Background Cardiac surgery is a complex, high-risk procedure with potential vulnerabilities for patient safety. The evidence base describing safety hazards in the cardiovascular operating room is underdeveloped but is essential to guide future safety improvement efforts.
Objective To identify and categorise hazards (anything that has the potential to cause a preventable adverse patient safety event) in the cardiovascular operating room.
Methods An interdisciplinary team of researchers used prospective methods, including direct observations, contextual inquiry and photographs to collect hazard data pertaining to the cardiac surgery perioperative period, which started immediately before the patient was transferred to the operating room and ended immediately after patient handoff to the post-anaesthesia/intensive care unit. Data were collected between February and September 2008 in five hospitals. An interdisciplinary approach that included a human factors and systems engineering framework was used to guide the study.
Results Twenty cardiac surgeries including the corresponding handoff processes from operating room to post-anaesthesia/intensive care unit were observed. A total of 58 categories of hazards related to care providers (eg, practice variations), tasks (eg, high workload), tools and technologies (eg, poor usability), physical environment (eg, cluttered workspace), organisation (eg, hierarchical culture) and processes (eg, non-compliance with guidelines) were identified.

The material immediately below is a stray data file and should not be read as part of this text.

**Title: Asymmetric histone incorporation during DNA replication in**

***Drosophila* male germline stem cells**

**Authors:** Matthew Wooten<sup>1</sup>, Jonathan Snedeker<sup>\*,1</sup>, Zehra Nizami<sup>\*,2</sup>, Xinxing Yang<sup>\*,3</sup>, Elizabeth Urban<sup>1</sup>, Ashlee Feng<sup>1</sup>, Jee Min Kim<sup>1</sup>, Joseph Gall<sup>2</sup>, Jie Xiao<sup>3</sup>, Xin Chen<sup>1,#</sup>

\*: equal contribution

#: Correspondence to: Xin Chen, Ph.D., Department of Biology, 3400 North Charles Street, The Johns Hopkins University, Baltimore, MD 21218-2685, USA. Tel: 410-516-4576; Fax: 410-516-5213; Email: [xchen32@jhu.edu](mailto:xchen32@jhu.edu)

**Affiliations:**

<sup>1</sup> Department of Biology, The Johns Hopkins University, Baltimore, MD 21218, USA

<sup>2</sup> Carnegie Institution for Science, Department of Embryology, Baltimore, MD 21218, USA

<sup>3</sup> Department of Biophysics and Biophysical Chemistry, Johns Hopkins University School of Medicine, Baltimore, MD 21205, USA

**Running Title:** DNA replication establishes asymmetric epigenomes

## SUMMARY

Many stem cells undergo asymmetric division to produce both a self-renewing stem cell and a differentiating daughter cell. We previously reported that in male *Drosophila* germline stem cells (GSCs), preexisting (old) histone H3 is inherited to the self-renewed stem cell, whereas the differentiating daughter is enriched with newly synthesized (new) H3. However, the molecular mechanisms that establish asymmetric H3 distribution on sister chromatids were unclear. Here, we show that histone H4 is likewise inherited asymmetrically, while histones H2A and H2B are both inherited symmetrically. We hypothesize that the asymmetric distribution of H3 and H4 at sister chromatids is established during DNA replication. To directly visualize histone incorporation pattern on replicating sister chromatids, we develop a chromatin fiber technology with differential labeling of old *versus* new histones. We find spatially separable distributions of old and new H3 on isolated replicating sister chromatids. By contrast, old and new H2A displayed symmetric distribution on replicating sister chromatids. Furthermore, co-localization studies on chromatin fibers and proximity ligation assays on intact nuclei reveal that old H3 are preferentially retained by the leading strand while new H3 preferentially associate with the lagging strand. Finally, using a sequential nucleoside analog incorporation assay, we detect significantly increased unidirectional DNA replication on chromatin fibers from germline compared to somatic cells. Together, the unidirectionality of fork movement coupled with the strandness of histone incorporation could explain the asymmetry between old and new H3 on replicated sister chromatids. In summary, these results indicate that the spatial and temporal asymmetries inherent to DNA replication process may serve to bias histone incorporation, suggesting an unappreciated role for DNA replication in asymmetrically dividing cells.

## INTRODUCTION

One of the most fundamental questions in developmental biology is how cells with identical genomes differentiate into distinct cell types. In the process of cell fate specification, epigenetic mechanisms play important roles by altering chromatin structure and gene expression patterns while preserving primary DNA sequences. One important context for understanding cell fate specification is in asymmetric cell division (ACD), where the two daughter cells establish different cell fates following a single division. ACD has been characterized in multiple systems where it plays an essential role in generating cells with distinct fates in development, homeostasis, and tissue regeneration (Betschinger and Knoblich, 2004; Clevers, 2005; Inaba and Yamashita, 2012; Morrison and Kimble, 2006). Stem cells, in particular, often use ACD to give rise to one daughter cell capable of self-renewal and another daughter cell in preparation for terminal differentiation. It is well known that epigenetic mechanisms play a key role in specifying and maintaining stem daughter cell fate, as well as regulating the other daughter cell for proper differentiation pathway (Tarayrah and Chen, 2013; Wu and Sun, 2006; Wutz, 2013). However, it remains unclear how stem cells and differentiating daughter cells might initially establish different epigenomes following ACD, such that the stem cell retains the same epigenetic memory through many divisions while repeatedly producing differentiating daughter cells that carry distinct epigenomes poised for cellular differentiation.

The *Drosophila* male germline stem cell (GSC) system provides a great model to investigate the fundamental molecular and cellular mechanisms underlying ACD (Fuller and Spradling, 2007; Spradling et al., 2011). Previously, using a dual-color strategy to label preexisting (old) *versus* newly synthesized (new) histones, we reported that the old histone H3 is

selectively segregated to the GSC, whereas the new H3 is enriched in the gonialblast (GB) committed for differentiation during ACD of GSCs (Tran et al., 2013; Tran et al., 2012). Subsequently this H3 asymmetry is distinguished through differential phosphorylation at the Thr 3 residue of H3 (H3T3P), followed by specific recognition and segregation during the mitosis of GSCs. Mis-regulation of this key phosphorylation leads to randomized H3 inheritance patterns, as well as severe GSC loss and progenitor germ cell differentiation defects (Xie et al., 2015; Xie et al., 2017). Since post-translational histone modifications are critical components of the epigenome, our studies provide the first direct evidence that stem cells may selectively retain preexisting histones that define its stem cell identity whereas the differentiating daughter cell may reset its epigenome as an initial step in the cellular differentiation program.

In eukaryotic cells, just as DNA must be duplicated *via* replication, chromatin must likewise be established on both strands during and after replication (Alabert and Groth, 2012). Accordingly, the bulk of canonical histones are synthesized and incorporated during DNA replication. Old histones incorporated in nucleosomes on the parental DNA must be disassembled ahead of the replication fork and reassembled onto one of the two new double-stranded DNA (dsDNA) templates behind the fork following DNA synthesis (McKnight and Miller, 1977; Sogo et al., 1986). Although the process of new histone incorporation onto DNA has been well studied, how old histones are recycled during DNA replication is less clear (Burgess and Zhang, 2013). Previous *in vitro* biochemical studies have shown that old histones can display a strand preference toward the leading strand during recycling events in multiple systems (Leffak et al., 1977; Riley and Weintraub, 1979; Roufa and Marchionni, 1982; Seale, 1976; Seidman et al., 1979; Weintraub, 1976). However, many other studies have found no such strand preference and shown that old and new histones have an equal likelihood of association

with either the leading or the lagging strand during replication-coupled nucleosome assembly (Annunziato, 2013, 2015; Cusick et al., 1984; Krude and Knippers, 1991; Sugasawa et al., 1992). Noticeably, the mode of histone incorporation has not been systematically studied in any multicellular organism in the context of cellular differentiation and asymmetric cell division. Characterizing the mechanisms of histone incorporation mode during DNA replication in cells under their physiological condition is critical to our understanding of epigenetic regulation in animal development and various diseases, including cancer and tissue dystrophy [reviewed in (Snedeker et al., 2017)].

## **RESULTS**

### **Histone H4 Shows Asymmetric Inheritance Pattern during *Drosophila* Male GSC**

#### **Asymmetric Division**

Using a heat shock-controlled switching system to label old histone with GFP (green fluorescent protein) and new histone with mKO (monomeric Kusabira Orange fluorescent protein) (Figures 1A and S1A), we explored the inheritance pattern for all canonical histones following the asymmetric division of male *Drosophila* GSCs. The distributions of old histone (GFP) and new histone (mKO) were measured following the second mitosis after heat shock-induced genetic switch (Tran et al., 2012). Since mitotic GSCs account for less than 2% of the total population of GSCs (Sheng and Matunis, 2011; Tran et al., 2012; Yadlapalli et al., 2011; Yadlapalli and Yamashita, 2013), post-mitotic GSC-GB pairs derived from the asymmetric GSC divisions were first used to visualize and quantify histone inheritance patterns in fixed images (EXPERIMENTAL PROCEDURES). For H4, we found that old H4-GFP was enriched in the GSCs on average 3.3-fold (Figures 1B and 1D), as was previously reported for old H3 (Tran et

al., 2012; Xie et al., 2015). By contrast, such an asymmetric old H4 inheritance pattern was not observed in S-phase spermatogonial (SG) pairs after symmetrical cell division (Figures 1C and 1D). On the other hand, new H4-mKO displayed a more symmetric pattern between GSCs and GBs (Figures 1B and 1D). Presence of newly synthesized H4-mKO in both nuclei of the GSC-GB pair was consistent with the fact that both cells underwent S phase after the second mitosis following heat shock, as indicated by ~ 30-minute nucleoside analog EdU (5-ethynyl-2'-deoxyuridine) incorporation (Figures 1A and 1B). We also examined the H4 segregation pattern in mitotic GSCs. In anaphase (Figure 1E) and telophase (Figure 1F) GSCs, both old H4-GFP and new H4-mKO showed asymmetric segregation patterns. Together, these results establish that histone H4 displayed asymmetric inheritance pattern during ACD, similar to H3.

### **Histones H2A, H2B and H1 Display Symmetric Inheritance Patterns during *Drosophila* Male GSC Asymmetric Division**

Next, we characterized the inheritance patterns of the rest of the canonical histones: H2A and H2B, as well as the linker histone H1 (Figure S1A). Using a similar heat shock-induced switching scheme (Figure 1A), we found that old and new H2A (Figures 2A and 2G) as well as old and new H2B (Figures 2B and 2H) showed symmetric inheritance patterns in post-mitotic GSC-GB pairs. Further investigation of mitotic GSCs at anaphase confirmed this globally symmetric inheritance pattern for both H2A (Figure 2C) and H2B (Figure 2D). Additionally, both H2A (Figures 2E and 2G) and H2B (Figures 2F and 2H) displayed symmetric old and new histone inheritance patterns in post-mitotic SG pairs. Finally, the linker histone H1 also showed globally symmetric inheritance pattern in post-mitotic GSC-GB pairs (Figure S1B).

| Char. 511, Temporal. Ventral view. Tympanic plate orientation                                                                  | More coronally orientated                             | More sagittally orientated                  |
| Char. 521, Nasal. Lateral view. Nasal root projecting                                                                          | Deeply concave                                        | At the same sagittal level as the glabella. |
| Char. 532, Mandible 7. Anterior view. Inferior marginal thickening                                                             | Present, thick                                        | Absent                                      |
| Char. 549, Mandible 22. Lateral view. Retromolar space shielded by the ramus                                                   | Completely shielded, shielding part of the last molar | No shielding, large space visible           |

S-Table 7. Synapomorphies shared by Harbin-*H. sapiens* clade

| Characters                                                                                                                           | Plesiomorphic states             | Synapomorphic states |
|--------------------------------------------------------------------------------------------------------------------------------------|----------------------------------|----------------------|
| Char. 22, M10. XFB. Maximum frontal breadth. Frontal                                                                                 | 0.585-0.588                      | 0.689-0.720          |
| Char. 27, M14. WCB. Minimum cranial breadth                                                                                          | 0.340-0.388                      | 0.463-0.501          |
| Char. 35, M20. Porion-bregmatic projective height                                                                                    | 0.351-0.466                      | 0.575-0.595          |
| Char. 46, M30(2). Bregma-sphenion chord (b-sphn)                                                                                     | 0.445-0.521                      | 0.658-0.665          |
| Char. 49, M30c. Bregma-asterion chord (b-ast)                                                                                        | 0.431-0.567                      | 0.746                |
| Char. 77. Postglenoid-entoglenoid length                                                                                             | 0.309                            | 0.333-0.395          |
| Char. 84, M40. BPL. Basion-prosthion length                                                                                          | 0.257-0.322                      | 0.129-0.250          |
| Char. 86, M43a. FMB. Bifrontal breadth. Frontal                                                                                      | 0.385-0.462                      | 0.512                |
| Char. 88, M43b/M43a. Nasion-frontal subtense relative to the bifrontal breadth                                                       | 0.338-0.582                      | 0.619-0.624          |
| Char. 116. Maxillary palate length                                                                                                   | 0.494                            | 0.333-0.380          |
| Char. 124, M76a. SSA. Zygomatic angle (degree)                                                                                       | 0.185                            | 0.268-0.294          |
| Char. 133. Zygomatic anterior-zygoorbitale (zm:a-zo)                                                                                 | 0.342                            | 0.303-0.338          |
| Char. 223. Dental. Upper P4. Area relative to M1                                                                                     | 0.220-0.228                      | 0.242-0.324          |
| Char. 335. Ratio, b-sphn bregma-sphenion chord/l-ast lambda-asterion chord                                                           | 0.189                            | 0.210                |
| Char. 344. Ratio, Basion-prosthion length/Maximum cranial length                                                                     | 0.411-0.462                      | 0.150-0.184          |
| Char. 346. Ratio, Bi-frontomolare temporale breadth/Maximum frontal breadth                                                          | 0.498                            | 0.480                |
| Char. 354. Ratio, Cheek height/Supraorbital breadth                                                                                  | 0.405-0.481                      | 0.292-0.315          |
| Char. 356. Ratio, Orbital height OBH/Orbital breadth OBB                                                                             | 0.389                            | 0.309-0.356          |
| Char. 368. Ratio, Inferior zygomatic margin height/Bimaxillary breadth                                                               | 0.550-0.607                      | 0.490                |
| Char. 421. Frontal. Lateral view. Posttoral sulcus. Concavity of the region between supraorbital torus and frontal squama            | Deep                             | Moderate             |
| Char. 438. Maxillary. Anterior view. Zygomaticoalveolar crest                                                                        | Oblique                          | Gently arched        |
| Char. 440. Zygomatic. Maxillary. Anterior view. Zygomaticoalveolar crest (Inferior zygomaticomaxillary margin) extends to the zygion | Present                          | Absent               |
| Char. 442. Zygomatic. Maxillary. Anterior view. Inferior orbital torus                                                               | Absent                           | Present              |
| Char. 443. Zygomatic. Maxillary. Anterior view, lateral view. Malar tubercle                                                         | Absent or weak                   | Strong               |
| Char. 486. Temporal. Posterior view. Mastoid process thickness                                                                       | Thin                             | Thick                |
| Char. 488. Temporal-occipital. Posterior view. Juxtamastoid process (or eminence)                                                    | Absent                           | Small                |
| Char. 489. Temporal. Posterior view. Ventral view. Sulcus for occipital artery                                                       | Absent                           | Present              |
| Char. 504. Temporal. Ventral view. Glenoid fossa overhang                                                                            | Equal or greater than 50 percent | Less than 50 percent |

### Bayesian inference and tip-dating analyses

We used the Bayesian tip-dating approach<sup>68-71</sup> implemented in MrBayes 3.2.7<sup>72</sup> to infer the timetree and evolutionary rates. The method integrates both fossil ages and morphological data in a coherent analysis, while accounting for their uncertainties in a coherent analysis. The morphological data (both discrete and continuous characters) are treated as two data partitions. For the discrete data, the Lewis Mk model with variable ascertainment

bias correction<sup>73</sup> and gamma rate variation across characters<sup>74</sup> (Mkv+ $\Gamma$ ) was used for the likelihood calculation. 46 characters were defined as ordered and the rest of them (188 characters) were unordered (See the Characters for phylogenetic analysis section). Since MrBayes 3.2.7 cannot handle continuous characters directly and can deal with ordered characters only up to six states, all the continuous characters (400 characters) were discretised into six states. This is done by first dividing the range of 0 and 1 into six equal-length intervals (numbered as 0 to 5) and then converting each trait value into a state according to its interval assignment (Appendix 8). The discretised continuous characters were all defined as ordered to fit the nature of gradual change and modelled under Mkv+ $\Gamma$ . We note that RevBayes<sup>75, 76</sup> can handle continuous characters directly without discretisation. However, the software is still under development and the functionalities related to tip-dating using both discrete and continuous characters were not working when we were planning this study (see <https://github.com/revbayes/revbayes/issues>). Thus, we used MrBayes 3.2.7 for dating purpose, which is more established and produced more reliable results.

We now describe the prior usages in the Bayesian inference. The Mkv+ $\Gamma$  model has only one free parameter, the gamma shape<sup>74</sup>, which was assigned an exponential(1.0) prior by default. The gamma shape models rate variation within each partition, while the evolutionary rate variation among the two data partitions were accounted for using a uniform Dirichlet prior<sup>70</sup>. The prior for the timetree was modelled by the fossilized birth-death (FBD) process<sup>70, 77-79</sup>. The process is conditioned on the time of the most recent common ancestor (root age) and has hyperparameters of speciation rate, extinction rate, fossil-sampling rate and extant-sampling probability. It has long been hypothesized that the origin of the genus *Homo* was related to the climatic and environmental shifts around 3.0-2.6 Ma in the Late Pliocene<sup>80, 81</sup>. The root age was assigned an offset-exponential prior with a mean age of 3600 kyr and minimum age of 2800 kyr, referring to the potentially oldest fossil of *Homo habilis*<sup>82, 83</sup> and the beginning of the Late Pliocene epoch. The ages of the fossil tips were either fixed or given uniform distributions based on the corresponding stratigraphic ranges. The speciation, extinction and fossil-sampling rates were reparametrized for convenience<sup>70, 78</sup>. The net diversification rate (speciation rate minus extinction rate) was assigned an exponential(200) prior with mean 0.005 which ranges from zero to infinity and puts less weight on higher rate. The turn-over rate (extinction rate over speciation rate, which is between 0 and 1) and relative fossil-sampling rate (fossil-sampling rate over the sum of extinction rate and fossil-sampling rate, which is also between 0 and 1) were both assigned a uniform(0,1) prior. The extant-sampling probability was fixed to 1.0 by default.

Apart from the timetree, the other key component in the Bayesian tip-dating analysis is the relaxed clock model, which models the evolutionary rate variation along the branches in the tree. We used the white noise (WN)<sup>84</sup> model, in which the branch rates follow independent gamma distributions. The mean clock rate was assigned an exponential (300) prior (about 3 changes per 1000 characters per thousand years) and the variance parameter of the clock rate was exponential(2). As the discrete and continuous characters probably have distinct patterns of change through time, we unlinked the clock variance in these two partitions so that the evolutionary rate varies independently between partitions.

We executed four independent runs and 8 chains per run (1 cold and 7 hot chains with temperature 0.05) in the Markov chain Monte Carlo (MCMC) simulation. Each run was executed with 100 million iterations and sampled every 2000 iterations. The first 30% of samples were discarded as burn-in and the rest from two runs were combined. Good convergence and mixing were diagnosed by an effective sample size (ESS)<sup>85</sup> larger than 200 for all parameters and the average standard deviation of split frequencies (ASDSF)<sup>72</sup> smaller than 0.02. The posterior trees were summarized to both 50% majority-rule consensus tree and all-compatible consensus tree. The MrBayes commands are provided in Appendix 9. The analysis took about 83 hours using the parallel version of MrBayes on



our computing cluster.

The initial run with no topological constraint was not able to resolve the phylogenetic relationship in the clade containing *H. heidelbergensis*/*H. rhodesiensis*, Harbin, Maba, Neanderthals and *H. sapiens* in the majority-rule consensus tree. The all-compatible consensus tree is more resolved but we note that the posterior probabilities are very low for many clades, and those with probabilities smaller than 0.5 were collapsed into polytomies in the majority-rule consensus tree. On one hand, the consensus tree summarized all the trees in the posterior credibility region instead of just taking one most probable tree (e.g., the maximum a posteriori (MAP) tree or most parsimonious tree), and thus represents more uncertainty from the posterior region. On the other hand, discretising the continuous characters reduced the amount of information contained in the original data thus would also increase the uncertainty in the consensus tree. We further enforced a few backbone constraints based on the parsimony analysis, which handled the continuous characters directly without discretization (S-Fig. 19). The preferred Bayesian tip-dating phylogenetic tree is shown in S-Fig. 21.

Discussion Hazards in cardiac surgery services are ubiquitous, indicating numerous opportunities to improve safety. Future efforts should focus on creating a stronger culture of safety in the cardiovascular operating room, increasing compliance with evidence-based infection control practices, improving communication and teamwork, and developing a partnership among all stakeholders to improve the design of tools and technologies.
- Classification of hazards
- cardiac surgical procedures
- operating rooms
- human engineering
- human error
- human factors
- health services research
- patient safety
- continuous quality improvement
- adverse events
- epidemiology and detection
- critical care
- evidence-based medicine
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